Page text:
It is tax season again, and my accountant friends are all aglow with anticipation. While their next few days are full of
deductions and credits, it might do the rest of us well to reflect on the origins of the current income
For just about the first 150 years of the Republic, our tax system was a mess. States and local governments, largely wielding the property tax, were relied upon to field armies and build roads. So desperate was the situation that the Navy relied upon a system of privateers—licensed pirates—who had to share their treasure with the government.
The most famous of these was John Paul Jones. In the Civil War, men could buy themselves out of the draft. Indeed, it was considered patriotic to do so for older men, and President Lincoln paid the $300 bounty as an example to others.
In a period of sweeping government reforms, the nation imposed the first permanent income tax in 1913 (along with the Federal Reserve System). Taxes were levied on a sliding scale of 1 percent to 7 percent. With World War I came a top tax bracket of 73 percent. The top tax bracket fluctuated from 24 percent to 94 percent with wars and depression. Highly progressive taxes (with the rich paying a higher percentage than the poor) became the American standard.
With the tax system came loopholes (a great gift to the accounting and legal professions). A whole industry of tax avoidance has sprung forth. It makes much money, but is of dubious social value.
The bottom tax rates had slowly crept from 1 percent to 22 percent and again down to 15 percent by 2000. These were loaded with exemptions for families, such as home mortgages, charitable donations and, my favorite, the dependent-child deduction. The economic effect of these is huge.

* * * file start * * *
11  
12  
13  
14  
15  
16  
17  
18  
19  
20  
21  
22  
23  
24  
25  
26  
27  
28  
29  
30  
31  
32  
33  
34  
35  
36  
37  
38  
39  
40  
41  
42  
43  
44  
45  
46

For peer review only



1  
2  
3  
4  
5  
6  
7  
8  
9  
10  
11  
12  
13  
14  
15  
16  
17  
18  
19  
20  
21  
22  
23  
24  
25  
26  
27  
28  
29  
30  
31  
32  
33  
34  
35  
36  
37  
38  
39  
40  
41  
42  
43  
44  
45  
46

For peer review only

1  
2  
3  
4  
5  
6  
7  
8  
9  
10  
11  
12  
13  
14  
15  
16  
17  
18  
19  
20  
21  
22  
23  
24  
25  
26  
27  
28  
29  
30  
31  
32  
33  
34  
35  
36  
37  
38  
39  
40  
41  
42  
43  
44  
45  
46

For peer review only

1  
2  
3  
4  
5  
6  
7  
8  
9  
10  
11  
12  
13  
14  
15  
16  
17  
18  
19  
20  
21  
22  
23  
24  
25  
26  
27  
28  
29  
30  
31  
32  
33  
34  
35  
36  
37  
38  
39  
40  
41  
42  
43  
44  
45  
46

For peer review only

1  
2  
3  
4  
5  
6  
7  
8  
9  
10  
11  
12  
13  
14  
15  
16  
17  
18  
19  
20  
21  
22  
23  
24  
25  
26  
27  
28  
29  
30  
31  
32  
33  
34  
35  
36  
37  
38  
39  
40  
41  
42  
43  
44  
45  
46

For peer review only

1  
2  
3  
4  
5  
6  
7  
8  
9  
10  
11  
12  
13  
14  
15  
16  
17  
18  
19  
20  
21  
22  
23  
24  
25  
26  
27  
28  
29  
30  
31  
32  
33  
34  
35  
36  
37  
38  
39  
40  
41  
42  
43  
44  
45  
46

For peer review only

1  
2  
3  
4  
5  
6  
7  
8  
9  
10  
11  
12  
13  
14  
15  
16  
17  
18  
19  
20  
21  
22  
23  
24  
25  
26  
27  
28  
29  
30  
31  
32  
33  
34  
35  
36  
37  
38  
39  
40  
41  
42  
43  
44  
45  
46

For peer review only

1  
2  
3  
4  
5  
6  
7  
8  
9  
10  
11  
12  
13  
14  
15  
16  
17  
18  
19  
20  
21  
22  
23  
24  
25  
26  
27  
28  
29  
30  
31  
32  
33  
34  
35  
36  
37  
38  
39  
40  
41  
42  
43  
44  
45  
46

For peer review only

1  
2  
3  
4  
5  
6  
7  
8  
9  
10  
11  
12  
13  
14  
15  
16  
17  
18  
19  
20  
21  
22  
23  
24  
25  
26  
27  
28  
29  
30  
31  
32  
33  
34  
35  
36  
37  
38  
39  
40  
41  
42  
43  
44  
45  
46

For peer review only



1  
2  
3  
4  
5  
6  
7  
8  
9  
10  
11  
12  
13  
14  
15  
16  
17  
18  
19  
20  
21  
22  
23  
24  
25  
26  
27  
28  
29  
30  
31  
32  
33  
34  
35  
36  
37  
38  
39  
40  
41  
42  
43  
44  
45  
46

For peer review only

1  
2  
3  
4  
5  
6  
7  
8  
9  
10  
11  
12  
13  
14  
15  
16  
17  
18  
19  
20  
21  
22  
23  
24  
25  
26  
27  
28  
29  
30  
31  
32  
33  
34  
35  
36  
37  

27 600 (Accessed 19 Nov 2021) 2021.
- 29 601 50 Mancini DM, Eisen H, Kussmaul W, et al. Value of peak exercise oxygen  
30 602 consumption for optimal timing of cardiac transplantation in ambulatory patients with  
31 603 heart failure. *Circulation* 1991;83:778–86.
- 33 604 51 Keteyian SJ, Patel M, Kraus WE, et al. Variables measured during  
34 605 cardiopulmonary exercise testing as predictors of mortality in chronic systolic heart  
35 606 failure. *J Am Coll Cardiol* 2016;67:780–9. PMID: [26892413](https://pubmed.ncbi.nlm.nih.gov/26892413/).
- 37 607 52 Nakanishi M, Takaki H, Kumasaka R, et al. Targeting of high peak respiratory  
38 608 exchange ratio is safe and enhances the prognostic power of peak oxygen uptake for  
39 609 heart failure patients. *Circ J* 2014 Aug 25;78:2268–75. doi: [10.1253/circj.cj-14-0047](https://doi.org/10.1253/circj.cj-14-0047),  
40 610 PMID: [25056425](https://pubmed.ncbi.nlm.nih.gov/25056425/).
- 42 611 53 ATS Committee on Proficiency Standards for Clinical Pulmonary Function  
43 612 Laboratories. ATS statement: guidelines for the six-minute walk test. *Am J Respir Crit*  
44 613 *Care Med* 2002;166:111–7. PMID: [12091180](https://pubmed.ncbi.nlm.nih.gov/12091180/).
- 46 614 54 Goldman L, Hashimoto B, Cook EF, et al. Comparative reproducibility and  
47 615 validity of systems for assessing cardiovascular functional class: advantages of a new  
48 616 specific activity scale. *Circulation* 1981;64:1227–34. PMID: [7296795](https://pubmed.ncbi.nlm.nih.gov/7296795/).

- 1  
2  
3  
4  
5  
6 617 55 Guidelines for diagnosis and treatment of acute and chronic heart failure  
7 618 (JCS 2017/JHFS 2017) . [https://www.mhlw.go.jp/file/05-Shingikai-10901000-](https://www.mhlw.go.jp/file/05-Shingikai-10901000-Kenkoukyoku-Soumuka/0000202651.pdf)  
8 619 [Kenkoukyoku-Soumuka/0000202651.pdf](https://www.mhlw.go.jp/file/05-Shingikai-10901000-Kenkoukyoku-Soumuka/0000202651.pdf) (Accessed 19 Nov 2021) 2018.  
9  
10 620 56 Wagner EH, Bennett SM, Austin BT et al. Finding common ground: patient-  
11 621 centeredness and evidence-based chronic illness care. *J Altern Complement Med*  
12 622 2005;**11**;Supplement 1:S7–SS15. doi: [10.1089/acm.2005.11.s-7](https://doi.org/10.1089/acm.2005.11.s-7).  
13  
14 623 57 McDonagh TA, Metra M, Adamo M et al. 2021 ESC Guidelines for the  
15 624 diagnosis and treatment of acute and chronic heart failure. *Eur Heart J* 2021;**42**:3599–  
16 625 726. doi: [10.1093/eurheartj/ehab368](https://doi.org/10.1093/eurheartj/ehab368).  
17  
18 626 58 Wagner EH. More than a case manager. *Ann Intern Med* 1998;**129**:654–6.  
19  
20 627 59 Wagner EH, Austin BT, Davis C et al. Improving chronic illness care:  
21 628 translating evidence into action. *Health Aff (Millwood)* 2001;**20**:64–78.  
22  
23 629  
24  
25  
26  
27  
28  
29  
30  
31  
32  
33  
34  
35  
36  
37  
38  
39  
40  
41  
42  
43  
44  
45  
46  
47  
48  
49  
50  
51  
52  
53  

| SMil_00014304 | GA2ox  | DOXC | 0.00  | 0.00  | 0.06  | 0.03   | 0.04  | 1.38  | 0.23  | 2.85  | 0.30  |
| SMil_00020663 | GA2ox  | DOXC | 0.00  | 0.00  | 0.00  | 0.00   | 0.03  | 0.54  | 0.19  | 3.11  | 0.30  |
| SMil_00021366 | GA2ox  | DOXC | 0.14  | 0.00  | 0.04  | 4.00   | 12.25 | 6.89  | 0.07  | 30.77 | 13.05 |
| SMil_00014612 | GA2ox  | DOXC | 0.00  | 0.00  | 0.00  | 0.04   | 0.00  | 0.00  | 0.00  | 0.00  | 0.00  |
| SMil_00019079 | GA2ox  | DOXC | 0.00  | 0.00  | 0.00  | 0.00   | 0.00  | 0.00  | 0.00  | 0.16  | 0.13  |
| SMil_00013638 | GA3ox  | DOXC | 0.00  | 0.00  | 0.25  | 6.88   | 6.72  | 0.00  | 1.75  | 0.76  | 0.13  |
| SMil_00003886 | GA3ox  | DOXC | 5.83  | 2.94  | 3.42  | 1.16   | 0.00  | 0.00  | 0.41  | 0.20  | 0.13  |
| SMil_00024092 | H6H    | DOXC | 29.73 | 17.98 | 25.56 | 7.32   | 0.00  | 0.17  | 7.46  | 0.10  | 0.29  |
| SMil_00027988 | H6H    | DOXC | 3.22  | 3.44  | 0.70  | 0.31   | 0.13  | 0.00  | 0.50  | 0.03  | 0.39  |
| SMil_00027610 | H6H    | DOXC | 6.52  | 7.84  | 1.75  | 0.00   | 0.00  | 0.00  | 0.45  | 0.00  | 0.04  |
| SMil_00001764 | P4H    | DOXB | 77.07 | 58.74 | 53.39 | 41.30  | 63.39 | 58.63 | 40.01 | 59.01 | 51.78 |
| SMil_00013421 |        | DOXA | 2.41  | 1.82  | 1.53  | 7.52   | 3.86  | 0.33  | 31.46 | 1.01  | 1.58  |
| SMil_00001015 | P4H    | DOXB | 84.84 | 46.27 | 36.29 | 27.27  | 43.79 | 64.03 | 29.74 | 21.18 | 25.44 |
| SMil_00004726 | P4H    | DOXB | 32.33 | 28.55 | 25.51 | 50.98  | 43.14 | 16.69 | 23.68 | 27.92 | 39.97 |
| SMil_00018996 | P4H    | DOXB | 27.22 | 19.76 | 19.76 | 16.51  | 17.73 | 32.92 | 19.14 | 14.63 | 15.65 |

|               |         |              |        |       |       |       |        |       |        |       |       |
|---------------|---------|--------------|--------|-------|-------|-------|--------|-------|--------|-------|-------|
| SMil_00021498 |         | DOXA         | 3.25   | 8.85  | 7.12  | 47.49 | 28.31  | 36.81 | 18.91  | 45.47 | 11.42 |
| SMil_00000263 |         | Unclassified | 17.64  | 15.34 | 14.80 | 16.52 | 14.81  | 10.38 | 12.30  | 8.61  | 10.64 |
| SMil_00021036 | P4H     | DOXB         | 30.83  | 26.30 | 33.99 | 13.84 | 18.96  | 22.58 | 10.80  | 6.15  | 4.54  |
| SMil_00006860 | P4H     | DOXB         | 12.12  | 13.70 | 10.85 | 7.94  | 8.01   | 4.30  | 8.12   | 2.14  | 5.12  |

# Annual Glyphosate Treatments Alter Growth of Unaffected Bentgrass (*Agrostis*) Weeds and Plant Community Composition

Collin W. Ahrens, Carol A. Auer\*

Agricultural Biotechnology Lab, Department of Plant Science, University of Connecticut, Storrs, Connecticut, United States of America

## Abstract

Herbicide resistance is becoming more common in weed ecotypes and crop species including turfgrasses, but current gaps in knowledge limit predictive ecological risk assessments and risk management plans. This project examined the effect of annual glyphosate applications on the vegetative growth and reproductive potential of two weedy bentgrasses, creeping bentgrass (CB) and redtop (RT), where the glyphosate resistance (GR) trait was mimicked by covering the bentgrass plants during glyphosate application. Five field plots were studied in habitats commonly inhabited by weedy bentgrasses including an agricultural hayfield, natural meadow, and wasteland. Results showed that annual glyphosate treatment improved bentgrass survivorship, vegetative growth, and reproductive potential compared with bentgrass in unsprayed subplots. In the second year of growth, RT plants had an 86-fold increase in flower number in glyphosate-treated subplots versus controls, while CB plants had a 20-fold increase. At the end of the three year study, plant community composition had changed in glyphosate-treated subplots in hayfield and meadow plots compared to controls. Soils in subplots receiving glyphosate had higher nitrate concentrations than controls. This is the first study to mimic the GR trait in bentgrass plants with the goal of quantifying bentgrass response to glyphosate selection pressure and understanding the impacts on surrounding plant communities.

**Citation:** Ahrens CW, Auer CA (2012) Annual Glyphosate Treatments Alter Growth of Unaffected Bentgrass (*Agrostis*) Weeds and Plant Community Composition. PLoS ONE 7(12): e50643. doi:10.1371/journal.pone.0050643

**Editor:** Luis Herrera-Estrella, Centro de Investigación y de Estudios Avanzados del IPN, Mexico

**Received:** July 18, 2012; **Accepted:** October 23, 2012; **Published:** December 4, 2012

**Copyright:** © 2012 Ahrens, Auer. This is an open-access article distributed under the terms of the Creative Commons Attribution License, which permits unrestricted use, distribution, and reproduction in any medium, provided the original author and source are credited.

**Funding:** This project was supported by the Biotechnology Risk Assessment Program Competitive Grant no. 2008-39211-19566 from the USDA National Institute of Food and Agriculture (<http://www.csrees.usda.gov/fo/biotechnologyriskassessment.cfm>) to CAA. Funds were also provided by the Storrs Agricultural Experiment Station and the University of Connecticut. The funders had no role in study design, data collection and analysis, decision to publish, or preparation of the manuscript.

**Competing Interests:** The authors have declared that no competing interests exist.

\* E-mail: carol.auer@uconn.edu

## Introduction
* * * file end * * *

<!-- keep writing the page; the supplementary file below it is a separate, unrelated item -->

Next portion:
During the Kennedy and Reagan administrations, there were substantial changes to income taxes, making them less progressive and altogether lower. President George H.W. Bush raised taxes on the highest income levels, making the tax more progressive. This enabled the Clinton administration to do the same, and the top rates rose from 28 percent to over 39 percent.
Interestingly, the much-maligned Bush tax cuts of the past eight years made the tax system far more progressive by lowering the rate on lower-income earners by two thirds. Today, just over half of all American households actually pay income taxes, and about one in seven households actually receives a payment—or negative income tax—as a tool for poor relief.
The economic effects of altering tax rates are significant for households and businesses. Raising or lowering rates changes who pays the taxes, but doesn't much affect the total revenue share, which has been at just under 20 percent over the past 60 years.
Not many folks, save for the aforementioned accountants and lawyers, like the tax code. But until we can get the Navy to pirate some of those oil tankers, we are stuck with it.
Hicks is director of the Center for Business and Economic Research at Ball State University. His column appears weekly. He can be reached at email@example.com.